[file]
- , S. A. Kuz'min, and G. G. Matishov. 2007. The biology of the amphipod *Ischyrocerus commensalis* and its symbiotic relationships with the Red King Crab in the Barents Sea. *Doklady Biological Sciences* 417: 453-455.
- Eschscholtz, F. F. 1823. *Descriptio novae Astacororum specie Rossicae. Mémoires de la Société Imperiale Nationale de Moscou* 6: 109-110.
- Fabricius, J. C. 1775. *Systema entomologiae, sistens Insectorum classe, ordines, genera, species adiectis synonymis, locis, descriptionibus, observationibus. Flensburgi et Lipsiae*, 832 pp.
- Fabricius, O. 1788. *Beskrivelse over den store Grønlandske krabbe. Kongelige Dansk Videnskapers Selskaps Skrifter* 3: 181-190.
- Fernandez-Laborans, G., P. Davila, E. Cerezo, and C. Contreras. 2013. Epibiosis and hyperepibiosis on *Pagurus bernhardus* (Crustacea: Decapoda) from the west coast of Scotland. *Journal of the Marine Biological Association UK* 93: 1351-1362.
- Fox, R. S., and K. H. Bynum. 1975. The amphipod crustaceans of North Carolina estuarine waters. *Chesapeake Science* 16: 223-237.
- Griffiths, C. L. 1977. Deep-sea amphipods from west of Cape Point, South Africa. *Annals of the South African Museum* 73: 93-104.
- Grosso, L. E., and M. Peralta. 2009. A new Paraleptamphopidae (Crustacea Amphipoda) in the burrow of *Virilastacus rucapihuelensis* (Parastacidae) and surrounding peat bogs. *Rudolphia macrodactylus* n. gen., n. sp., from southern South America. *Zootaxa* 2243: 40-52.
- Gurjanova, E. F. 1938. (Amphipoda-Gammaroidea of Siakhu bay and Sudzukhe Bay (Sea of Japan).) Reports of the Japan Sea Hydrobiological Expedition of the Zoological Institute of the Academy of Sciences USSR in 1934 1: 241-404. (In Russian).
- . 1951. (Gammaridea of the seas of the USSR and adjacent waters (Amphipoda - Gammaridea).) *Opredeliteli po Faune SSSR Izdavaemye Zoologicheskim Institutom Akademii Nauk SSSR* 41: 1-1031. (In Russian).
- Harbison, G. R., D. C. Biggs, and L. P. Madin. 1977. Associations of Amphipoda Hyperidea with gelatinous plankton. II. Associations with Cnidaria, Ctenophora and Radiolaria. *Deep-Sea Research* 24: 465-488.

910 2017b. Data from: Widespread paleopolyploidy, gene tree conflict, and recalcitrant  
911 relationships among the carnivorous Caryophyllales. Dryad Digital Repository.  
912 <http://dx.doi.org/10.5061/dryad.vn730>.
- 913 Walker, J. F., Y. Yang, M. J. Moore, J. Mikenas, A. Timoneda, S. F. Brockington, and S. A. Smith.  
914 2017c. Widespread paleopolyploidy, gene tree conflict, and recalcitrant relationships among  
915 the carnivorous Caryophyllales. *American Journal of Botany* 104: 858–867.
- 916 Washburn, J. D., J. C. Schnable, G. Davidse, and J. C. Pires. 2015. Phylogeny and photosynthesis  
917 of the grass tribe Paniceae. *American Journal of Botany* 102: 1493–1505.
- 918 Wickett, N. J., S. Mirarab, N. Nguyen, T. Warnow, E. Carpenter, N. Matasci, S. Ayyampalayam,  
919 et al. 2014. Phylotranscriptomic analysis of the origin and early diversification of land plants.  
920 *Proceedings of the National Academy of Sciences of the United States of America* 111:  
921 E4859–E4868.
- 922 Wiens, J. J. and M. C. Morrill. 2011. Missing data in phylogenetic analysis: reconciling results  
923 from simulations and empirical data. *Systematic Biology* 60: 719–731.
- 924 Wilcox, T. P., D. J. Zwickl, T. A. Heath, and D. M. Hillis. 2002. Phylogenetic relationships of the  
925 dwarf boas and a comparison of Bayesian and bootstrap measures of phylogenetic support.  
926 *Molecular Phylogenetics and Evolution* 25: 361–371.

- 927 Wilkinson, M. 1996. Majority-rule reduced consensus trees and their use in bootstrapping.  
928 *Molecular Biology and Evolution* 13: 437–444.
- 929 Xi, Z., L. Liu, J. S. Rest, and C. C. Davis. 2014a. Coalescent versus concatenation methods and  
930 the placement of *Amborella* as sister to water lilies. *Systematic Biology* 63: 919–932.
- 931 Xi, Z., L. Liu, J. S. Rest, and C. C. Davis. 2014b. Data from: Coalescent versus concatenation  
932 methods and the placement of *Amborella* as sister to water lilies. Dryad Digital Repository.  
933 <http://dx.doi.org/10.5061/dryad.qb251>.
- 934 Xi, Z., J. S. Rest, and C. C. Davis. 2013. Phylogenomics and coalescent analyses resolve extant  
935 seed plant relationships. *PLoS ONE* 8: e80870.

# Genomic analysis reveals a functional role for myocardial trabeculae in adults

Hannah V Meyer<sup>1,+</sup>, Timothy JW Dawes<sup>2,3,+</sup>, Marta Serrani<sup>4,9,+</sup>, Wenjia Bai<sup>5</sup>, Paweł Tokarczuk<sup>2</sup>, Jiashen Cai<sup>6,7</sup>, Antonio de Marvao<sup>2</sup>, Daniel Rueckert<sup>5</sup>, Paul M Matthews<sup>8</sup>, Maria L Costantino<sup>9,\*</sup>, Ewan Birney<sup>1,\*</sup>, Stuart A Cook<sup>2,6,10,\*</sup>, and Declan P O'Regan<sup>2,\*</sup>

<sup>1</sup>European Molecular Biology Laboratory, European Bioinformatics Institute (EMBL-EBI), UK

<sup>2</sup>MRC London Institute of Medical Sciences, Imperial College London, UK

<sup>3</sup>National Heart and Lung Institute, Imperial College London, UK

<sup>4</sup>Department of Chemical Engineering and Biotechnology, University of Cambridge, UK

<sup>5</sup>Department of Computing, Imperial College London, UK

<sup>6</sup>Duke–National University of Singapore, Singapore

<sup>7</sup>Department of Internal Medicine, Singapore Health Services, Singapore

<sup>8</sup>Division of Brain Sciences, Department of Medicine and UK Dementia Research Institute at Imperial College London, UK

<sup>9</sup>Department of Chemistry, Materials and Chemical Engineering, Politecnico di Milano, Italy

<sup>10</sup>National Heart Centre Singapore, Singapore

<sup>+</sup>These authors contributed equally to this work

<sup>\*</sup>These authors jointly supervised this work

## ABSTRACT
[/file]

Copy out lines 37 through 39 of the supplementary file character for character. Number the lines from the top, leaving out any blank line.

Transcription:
935 seed plant relationships. *PLoS ONE* 8: e80870.

# Genomic analysis reveals a functional role for myocardial trabeculae in adults

Hannah V Meyer<sup>1,+</sup>, Timothy JW Dawes<sup>2,3,+</sup>, Marta Serrani<sup>4,9,+</sup>, Wenjia Bai<sup>5</sup>, Paweł Tokarczuk<sup>2</sup>, Jiashen Cai<sup>6,7</sup>, Antonio de Marvao<sup>2</sup>, Daniel Rueckert<sup>5</sup>, Paul M Matthews<sup>8</sup>, Maria L Costantino<sup>9,\*</sup>, Ewan Birney<sup>1,\*</sup>, Stuart A Cook<sup>2,6,10,\*</sup>, and Declan P O'Regan<sup>2,\*</sup>